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BUSINESS EXCHANGE: 'Uncle Earl'

3/26/2014, 3 p.m.
D.C. businessman Jeffrey Thompson (center) leaves U.S. District Court in the District on Monday, March 10. Thompson has been charged with two felony counts connected to accusations of campaign finance conspiracy. Photo by Khalid Naji-Allah

The legend of "Uncle Earl" is a lesson in Black urban politics. Businessman Jeffrey Earl Thompson is one of Washington D.C.'s "most influential Blacks." The 58-year-old Thompson was proven to be "Uncle Earl" in court proceedings that revealed secret dealings that broke a whole host of campaign finance laws, including funneling more than $2 million to various candidates through third parties and off-the-record activities.

Thompson is the most prolific political rainmaker in the nation. Thompson allegedly gave more than $600,000 to make Vincent Gray's campaign to unseat Adrian Fenty in the 2010 D.C. mayoral election successful. Thompson funneled more than $3.3 million in unreported donations to at least 28 local and national candidates and their campaigns beginning in 2006. The recent "guilty" plea that Thompson entered to federal conspiracy charges marks a defining moment for the self-made, immigrant businessman, who built an accounting and health care empire that gained fame and fortune.

Few Black Americans can claim credit for designing, developing and propagating a $633,000 urban shadow electoral campaign. The federal court proved that Thompson was a kingmaker who delivered hundreds of thousands of dollars in illegal "straw donor" campaign contributions to sway elections in the city and beyond. Election after election, the Jamaican-born Thompson huddled behind closed doors with candidates, political operatives, and businessmen, to devise schemes to funnel millions of dollars of corporate money into local and federal elections.

Thompson's reach extended to Maryland's governments and officials. A mover and shaker without peer, Thompson was schooled well in the art of politics. He solicited relatives, friends, employees and others to make donations to designated candidates and reimbursed their "conduit contributions" with personal money and money from his companies. On his company's books, the payments were listed as "advances" and "bonuses." Thompson's company also paid for in-kind gifts to candidates that included $653,000 in money for the 2010 Mayoral Campaign in D.C. and $608,750 to the 2008 Hillary Clinton candidacy for president.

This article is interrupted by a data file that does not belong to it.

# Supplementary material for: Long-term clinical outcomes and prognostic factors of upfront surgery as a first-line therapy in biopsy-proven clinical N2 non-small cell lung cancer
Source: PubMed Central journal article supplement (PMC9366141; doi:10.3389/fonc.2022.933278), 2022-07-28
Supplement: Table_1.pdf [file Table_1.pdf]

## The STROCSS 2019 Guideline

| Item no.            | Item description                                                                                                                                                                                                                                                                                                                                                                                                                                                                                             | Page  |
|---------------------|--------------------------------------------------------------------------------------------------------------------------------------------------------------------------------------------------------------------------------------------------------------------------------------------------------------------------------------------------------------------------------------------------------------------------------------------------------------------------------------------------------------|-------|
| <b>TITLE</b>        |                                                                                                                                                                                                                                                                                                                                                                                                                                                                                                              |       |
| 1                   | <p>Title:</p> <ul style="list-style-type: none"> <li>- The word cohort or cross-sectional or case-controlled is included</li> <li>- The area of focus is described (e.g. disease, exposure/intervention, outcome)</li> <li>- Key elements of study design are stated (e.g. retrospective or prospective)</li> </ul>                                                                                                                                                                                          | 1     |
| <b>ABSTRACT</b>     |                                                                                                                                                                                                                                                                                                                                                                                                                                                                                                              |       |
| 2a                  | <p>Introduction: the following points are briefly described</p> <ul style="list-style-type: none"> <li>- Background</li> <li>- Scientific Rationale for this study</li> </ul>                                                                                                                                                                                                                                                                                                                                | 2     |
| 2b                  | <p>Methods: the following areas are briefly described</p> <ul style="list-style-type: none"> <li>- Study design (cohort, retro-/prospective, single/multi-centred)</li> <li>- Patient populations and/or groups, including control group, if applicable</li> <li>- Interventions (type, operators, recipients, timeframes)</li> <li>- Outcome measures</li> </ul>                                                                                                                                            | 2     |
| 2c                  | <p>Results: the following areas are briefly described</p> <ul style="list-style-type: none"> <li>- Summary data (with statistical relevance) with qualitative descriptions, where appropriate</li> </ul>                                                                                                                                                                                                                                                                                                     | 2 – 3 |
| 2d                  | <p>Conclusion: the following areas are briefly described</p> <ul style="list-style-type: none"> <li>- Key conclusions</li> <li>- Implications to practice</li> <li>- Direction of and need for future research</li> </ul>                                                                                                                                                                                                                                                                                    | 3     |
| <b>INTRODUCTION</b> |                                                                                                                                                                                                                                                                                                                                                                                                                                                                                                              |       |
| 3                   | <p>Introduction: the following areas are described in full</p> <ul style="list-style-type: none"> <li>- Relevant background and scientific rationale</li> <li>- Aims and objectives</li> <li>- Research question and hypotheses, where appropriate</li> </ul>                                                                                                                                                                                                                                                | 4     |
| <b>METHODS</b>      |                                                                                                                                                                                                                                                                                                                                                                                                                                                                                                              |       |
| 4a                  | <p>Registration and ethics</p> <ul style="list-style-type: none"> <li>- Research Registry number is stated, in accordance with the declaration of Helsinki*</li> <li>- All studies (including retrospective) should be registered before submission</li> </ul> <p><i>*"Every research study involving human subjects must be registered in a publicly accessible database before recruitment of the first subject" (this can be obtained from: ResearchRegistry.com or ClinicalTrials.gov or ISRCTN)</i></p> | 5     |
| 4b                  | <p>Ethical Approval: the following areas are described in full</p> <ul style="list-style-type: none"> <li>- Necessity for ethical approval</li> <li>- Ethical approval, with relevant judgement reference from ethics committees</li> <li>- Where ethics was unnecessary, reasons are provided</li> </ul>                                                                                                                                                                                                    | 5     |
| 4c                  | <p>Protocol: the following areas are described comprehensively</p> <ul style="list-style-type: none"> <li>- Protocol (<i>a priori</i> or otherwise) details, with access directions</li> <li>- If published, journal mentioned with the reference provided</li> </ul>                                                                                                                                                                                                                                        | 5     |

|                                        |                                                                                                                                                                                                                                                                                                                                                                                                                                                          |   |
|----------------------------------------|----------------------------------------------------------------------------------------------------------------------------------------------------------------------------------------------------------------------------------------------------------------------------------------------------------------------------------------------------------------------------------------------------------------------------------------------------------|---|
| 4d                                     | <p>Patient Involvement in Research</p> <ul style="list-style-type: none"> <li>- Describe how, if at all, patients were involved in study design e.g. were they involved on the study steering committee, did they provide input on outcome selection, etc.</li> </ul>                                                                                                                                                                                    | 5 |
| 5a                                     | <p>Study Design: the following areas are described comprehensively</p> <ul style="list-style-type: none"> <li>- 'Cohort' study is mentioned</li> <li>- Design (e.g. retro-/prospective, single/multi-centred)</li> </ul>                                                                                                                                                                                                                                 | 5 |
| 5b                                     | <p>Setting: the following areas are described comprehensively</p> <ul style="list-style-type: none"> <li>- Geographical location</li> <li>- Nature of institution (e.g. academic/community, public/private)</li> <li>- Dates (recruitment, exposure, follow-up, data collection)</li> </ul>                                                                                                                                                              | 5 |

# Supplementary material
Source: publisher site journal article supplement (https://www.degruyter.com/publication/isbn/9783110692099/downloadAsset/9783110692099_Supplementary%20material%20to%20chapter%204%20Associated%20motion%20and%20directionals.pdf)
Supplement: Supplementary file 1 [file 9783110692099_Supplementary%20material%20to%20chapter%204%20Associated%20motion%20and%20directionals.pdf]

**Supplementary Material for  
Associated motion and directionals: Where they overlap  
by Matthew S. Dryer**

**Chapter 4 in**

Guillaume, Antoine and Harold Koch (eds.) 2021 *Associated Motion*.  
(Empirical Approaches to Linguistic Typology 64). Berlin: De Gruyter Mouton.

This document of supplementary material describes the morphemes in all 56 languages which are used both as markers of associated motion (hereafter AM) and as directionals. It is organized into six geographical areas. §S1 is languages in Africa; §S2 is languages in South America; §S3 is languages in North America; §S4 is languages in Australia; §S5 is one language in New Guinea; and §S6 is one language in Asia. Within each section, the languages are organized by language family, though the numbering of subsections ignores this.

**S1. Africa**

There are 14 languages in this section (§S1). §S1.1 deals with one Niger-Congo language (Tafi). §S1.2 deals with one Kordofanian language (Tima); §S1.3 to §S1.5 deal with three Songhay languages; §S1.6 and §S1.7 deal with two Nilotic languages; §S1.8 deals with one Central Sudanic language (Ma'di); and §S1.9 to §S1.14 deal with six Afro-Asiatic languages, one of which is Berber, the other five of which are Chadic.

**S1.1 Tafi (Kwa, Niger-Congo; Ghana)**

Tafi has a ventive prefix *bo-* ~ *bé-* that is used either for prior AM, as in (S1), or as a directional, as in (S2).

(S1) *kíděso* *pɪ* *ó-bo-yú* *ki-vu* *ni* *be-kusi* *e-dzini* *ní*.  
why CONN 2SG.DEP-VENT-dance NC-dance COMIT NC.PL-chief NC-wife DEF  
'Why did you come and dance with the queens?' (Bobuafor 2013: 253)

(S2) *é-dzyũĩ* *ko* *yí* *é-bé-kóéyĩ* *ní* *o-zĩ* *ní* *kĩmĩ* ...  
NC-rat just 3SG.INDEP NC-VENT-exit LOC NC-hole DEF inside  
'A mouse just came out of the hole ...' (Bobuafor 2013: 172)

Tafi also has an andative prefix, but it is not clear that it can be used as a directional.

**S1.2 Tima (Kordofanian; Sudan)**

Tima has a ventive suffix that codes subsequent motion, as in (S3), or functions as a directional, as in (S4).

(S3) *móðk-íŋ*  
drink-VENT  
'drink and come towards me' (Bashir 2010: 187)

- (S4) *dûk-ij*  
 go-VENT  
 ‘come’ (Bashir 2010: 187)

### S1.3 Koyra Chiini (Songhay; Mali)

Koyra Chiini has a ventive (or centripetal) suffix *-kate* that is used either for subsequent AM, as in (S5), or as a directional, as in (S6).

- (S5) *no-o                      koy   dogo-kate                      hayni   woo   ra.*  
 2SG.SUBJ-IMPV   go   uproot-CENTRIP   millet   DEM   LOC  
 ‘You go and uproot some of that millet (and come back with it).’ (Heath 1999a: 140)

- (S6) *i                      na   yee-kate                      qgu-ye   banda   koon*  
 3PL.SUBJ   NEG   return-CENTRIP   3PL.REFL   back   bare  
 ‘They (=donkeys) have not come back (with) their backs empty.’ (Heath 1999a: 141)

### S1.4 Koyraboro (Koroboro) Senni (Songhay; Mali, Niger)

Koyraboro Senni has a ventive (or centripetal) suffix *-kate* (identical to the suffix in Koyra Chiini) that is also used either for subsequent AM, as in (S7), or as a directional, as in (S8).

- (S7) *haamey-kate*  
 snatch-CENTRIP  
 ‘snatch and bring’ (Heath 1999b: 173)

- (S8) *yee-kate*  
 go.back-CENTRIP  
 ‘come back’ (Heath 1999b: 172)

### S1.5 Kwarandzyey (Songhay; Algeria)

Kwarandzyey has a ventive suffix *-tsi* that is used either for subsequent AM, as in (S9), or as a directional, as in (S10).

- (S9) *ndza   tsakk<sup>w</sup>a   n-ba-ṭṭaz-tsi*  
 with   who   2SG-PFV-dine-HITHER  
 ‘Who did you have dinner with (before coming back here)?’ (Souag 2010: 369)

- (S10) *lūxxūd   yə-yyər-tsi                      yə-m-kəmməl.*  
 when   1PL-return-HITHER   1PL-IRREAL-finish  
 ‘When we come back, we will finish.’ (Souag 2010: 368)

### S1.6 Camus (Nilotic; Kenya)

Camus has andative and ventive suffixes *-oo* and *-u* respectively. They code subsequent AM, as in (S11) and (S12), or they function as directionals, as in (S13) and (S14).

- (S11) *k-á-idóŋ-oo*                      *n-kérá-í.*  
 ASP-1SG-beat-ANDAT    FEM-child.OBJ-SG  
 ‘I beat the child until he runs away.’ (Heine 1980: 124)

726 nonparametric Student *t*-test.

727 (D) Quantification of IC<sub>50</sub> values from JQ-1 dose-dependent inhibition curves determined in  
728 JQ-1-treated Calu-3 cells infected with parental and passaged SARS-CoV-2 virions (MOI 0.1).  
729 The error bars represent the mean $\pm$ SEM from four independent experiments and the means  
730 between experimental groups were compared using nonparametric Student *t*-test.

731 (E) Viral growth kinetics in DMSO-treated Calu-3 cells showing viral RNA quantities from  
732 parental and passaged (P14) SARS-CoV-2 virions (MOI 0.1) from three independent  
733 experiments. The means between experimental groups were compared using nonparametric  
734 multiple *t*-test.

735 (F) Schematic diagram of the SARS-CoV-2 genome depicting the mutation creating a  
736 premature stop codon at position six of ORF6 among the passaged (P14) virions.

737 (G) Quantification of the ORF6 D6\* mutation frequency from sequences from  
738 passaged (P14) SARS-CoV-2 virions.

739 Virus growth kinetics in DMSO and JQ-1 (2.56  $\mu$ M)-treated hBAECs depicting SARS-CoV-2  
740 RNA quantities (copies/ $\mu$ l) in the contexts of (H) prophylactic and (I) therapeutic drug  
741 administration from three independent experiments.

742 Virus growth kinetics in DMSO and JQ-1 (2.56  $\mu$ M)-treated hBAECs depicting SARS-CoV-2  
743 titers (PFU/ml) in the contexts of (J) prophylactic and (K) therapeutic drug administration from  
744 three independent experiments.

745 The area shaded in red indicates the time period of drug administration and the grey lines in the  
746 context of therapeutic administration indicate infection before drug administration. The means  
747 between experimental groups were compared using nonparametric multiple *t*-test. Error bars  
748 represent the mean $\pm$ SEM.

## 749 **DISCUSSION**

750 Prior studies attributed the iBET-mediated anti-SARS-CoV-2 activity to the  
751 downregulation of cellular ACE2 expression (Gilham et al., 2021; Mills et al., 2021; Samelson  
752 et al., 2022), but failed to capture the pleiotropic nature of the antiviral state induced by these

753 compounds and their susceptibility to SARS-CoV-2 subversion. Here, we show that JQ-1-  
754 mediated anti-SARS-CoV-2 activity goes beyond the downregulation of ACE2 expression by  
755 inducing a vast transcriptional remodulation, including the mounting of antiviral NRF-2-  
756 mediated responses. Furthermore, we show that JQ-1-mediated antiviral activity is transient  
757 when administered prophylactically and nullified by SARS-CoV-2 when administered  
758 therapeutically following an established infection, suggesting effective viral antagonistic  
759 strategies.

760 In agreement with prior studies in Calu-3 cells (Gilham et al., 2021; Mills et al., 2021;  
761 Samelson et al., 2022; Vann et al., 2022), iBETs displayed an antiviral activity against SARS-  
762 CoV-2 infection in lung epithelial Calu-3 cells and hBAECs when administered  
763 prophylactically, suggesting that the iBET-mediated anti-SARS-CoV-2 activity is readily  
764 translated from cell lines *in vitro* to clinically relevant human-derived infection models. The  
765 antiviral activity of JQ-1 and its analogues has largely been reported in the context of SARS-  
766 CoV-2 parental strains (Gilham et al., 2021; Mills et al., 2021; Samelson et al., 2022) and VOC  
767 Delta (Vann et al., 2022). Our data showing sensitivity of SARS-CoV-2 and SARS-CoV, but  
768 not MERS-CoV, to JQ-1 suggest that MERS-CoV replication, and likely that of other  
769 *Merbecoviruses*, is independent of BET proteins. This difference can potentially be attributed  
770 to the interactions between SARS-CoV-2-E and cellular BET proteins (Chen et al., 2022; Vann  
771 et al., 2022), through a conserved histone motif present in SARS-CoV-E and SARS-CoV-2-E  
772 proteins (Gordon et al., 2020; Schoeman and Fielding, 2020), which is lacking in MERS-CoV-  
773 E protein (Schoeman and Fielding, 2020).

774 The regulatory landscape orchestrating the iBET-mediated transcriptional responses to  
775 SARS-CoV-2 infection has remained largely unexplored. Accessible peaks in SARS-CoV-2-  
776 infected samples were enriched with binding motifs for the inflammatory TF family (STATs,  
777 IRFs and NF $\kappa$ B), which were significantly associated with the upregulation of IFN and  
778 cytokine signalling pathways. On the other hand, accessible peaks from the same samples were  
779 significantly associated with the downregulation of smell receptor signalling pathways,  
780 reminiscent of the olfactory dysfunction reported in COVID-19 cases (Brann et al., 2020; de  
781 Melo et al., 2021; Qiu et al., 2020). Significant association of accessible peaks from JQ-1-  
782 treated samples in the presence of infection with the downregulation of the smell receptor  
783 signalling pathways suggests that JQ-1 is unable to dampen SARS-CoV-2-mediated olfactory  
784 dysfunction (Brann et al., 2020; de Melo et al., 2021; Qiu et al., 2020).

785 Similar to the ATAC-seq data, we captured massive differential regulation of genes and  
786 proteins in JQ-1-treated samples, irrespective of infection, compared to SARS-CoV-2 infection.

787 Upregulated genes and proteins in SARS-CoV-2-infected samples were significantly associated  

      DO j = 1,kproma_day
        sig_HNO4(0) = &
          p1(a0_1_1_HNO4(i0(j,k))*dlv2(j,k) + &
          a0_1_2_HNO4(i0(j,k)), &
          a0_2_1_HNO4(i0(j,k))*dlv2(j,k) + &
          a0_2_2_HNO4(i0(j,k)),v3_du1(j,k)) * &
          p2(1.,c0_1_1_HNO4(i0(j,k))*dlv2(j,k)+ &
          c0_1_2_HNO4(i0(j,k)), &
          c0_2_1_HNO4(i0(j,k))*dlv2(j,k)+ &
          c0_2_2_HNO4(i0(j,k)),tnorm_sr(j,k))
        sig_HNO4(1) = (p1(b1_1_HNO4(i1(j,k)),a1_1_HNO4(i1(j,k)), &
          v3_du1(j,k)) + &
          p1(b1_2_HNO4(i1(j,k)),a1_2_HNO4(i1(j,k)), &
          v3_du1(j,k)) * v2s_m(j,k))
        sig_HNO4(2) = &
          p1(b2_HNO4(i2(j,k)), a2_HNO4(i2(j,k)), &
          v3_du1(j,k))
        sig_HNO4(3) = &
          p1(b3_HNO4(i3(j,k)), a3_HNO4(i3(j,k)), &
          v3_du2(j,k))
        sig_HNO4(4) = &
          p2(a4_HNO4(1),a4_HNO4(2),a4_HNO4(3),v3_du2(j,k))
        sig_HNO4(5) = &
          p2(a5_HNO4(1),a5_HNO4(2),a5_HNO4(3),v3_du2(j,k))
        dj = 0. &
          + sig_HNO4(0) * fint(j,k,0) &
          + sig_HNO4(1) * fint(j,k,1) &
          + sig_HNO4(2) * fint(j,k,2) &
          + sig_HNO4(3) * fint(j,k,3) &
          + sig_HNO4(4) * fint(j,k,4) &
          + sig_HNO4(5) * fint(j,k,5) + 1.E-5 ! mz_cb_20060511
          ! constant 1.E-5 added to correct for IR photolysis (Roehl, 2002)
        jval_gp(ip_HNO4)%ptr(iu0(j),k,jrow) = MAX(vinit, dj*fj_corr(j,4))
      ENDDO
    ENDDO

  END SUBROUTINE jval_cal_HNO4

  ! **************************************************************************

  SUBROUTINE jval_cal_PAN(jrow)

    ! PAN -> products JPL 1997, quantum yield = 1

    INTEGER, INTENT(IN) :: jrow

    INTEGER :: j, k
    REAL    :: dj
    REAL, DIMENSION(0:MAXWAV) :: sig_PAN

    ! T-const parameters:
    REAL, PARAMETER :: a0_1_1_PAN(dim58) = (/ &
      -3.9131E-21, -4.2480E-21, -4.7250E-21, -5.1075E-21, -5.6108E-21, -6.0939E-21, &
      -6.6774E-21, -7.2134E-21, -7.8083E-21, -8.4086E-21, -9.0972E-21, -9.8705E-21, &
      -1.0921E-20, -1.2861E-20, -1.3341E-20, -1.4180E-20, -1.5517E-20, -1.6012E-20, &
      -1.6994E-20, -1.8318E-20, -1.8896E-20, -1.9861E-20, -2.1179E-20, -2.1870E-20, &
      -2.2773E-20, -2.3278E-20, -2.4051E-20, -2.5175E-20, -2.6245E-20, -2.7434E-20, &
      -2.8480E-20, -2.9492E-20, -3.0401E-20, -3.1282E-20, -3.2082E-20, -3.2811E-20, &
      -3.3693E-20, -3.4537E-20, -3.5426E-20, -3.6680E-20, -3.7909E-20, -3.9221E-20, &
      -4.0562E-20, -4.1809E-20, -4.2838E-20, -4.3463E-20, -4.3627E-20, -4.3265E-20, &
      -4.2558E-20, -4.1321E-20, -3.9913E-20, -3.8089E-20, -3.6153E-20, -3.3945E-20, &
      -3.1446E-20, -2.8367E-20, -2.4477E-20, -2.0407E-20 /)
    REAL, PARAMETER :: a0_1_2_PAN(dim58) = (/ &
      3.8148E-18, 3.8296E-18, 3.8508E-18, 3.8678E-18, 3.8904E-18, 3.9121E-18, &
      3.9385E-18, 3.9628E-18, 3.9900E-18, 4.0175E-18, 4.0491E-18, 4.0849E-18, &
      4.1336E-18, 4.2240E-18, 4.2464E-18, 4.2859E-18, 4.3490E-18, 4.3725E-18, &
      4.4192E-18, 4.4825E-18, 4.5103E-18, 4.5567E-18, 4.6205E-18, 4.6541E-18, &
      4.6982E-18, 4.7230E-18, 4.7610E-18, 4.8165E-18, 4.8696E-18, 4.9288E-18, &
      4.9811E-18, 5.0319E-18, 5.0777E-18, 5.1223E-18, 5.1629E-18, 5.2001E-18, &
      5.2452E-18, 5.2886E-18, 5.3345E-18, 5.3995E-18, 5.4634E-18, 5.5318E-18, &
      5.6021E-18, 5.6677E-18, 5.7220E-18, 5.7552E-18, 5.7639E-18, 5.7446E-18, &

Many immigrants from the West Indies and African countries often far outperform American-born Blacks in business and politics. Jeffrey Earl Thompson was born in 1955 into a working-class home in Jamaica's St. Elizabeth Parish, the youngest of 11 children. He came to Washington in 1975, earning a high school equivalency degree and putting himself through the University of the District of Columbia by working as a bookkeeper. Not long after graduating from college and interning at top accounting firms, in 1983 he founded his own company, which would become Thompson, Cobb, Bazilio & Associates. Thompson built the firm into a $300 million enterprise. Over the next two decades, he would build it into a national powerhouse among minority-owned firms, because of its ability to win local and federal government contracts. He would go on to own D.C. Chartered Health Plan, a health care firm that managed services for 100,000 residents.

By most measures Thompson would be labeled "an American success story." So, while a number of his political cohorts are serving prison time, most Washingtonians expect that Thompson's sentence will be reduced to six months of home confinement. Thompson moved among the highest levels of Blacks and politics in D.C. He paid $608, 750 through former White House aide Minyon Moore to hire "street teams" in four states to help boost Clinton's campaign for the 2008 Democratic nomination.

Thompson is an important man of the times. The "shout out" he received from President Bill Clinton at the podium of a 1997 Democratic National Committee dinner at the Sheraton-Carlton Hotel attests to the reach Thompson attained as he moved between City Hall and the White House. As he became "a donor of note" to D.C. and national political campaigns, Thompson cultivated close relationships with national figures, including Civil Rights icon Dorothy I. Height and former Labor Secretary Alexis Herman. Height gave Thompson instant status. Thompson met Herman through Height when the two paid an ill Height a visit. Thompson offered Herman a ride, which turned into dinner and eventually romance. Thompson escorted Herman to the 1994 state dinner for Nelson Mandela.

William Reed is publisher of "Who's Who in Black Corporate America" and available for projects via the BaileyGroup.org.